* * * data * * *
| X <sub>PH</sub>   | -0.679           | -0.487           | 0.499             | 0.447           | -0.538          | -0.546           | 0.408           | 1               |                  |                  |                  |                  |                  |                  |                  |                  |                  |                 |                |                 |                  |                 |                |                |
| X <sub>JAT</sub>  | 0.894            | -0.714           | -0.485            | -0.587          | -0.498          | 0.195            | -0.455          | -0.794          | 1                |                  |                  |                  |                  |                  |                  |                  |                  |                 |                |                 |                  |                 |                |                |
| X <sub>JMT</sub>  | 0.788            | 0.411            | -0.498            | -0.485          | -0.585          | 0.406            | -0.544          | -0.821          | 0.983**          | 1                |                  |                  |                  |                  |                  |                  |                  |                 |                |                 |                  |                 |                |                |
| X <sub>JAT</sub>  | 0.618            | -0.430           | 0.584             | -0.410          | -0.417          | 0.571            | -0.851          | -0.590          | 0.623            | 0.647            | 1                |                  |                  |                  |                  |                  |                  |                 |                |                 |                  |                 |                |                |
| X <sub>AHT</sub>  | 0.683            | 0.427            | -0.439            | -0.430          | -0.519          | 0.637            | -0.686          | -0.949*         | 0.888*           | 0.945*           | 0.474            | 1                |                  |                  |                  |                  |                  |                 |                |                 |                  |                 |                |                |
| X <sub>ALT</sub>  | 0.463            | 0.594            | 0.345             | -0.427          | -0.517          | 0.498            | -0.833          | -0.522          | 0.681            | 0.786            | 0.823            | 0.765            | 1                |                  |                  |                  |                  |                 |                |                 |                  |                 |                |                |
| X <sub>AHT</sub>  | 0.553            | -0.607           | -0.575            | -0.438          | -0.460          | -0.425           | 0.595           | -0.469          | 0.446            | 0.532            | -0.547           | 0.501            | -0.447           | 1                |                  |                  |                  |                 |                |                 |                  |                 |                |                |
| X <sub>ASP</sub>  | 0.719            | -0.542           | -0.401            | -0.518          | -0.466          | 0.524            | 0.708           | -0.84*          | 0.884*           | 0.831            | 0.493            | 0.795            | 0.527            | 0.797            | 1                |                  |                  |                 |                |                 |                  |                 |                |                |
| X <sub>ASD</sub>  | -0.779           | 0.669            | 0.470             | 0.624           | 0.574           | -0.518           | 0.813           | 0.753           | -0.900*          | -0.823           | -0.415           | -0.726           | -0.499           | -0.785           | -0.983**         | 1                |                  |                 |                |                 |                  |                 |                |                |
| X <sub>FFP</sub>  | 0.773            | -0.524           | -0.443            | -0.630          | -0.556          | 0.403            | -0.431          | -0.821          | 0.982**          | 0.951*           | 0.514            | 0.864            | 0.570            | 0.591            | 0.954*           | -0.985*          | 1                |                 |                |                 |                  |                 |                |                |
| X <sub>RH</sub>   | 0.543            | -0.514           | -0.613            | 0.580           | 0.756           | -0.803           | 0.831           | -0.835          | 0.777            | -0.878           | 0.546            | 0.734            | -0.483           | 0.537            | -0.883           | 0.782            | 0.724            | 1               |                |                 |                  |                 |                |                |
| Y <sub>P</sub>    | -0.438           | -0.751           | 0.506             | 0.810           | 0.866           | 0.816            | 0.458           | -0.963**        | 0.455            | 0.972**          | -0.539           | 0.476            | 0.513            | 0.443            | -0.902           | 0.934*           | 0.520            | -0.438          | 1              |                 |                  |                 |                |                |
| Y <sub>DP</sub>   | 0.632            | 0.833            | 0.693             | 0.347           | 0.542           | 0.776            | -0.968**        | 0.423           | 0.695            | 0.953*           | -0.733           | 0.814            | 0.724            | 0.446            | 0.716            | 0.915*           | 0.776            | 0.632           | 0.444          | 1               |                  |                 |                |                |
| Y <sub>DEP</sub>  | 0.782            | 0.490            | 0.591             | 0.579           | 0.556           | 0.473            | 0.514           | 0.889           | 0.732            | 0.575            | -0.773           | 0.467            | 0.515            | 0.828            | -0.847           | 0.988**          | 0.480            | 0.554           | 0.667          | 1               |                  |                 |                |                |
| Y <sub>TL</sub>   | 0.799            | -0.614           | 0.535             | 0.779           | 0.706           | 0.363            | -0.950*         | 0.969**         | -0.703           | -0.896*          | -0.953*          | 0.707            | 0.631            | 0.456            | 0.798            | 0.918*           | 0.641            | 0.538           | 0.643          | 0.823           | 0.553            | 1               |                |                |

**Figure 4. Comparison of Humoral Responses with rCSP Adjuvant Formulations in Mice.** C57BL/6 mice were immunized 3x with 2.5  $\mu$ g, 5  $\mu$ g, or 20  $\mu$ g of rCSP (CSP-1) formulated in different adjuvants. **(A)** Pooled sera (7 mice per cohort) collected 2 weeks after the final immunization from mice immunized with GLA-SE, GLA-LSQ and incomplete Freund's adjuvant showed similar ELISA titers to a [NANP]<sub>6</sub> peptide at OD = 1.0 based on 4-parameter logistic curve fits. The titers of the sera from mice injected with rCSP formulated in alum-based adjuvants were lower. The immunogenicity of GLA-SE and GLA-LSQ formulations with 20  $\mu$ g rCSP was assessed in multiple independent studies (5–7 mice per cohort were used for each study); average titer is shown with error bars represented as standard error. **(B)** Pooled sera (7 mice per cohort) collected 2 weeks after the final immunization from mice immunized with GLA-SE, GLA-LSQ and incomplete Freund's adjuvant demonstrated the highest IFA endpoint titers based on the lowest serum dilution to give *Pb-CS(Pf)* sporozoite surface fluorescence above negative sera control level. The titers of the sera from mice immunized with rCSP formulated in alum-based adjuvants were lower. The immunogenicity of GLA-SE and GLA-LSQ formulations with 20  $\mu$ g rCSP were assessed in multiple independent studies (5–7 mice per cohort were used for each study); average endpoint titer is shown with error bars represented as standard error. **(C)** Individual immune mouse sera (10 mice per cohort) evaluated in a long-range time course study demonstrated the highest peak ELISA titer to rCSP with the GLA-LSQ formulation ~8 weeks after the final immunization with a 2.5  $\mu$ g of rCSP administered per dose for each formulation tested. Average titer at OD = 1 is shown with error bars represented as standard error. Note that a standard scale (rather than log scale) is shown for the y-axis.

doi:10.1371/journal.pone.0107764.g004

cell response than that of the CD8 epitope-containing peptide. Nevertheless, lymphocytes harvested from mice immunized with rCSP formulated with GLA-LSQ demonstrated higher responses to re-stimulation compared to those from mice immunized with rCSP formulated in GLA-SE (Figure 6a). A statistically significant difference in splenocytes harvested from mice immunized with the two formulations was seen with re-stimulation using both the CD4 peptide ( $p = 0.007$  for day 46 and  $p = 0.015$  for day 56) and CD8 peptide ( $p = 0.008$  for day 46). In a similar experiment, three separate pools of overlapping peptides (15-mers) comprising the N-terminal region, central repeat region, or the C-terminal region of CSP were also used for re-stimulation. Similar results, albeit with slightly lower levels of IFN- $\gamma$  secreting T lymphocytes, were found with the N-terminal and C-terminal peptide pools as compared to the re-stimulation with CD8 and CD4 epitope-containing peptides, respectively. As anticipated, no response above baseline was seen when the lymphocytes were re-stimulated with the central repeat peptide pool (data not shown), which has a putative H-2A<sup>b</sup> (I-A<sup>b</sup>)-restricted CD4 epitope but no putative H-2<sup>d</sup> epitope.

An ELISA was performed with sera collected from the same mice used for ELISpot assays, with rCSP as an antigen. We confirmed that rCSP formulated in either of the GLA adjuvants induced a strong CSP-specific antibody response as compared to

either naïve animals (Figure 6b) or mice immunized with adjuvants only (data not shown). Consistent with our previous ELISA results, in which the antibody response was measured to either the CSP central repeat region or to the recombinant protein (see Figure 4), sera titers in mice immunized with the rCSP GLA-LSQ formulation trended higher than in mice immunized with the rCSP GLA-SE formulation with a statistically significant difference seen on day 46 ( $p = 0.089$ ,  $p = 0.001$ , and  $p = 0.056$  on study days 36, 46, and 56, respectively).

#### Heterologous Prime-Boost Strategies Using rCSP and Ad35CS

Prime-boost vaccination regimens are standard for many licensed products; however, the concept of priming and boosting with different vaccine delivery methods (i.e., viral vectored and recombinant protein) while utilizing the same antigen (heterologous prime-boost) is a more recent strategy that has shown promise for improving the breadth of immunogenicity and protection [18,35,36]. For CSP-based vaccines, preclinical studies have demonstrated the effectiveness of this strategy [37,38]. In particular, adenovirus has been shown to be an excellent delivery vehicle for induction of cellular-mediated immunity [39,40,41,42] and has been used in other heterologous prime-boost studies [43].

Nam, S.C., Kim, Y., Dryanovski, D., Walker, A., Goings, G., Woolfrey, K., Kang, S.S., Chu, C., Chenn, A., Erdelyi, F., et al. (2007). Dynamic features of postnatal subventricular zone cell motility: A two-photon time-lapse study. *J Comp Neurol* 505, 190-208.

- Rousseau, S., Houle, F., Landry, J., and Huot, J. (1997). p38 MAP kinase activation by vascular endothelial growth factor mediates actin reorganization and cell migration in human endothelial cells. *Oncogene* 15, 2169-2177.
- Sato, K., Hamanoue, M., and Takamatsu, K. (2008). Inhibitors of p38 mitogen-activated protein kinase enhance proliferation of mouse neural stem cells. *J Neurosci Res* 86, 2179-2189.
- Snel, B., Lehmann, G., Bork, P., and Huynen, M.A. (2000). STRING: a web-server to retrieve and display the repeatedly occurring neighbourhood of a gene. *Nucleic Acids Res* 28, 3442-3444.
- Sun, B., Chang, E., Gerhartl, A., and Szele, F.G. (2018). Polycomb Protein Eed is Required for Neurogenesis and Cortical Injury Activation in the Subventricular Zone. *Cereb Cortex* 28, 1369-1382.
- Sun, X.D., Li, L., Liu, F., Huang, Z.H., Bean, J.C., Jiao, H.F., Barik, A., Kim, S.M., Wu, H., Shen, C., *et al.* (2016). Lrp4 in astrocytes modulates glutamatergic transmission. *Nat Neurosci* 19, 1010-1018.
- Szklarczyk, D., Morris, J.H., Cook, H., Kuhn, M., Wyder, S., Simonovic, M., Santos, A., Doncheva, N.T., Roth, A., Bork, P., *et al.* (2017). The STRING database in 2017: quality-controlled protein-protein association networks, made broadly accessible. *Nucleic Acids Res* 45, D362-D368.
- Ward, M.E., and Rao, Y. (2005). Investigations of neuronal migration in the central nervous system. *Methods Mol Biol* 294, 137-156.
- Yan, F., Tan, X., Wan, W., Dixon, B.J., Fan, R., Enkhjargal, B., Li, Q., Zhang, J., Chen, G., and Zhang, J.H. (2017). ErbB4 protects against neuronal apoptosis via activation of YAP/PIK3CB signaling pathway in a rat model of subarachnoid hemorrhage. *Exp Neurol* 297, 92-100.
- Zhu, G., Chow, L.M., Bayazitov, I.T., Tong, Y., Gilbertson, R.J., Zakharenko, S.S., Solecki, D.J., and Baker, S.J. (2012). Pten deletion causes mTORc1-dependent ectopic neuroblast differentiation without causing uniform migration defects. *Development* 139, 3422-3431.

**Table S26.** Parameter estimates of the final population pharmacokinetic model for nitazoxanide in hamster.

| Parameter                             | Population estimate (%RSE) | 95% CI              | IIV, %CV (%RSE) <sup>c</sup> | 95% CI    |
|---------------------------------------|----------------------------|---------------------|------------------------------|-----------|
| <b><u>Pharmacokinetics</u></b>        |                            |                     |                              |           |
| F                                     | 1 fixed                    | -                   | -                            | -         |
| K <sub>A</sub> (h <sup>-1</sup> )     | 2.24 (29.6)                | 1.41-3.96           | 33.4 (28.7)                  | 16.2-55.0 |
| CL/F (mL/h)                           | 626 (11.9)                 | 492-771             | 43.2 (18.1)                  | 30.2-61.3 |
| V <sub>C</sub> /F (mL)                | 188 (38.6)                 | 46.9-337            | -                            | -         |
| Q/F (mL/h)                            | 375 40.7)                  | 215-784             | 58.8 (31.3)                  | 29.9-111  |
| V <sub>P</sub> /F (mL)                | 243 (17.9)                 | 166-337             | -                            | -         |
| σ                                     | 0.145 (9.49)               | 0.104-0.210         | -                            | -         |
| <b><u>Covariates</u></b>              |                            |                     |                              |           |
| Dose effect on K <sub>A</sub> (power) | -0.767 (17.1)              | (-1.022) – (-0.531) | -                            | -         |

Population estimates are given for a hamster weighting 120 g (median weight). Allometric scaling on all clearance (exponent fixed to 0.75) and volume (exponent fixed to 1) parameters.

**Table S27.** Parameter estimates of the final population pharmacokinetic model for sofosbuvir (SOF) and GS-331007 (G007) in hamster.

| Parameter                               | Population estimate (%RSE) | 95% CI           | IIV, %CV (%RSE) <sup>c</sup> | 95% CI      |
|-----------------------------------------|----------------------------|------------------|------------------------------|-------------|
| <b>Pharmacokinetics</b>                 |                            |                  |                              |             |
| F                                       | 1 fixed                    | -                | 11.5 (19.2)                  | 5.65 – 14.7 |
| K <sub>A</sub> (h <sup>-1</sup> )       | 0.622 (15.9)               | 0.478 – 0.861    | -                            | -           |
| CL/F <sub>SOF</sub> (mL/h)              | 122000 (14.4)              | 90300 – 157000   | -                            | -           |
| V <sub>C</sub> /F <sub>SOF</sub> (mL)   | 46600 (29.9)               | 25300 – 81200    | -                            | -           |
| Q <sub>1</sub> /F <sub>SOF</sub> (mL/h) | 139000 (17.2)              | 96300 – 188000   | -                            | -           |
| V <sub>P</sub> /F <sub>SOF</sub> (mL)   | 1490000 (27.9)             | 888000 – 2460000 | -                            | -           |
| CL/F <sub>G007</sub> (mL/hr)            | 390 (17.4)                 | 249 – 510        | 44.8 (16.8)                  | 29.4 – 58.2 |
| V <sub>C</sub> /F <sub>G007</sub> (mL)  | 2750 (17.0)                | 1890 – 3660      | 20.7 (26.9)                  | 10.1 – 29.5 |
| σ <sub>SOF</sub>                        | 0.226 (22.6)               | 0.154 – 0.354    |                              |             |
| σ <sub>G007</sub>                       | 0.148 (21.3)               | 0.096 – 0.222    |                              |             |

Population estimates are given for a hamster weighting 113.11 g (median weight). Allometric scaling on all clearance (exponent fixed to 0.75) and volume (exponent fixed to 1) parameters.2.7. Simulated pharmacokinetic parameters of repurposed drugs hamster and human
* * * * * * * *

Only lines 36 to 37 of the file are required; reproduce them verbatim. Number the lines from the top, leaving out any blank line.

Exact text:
| <b><u>Pharmacokinetics</u></b>        |                            |                     |                              |           |
| F                                     | 1 fixed                    | -                   | -                            | -         |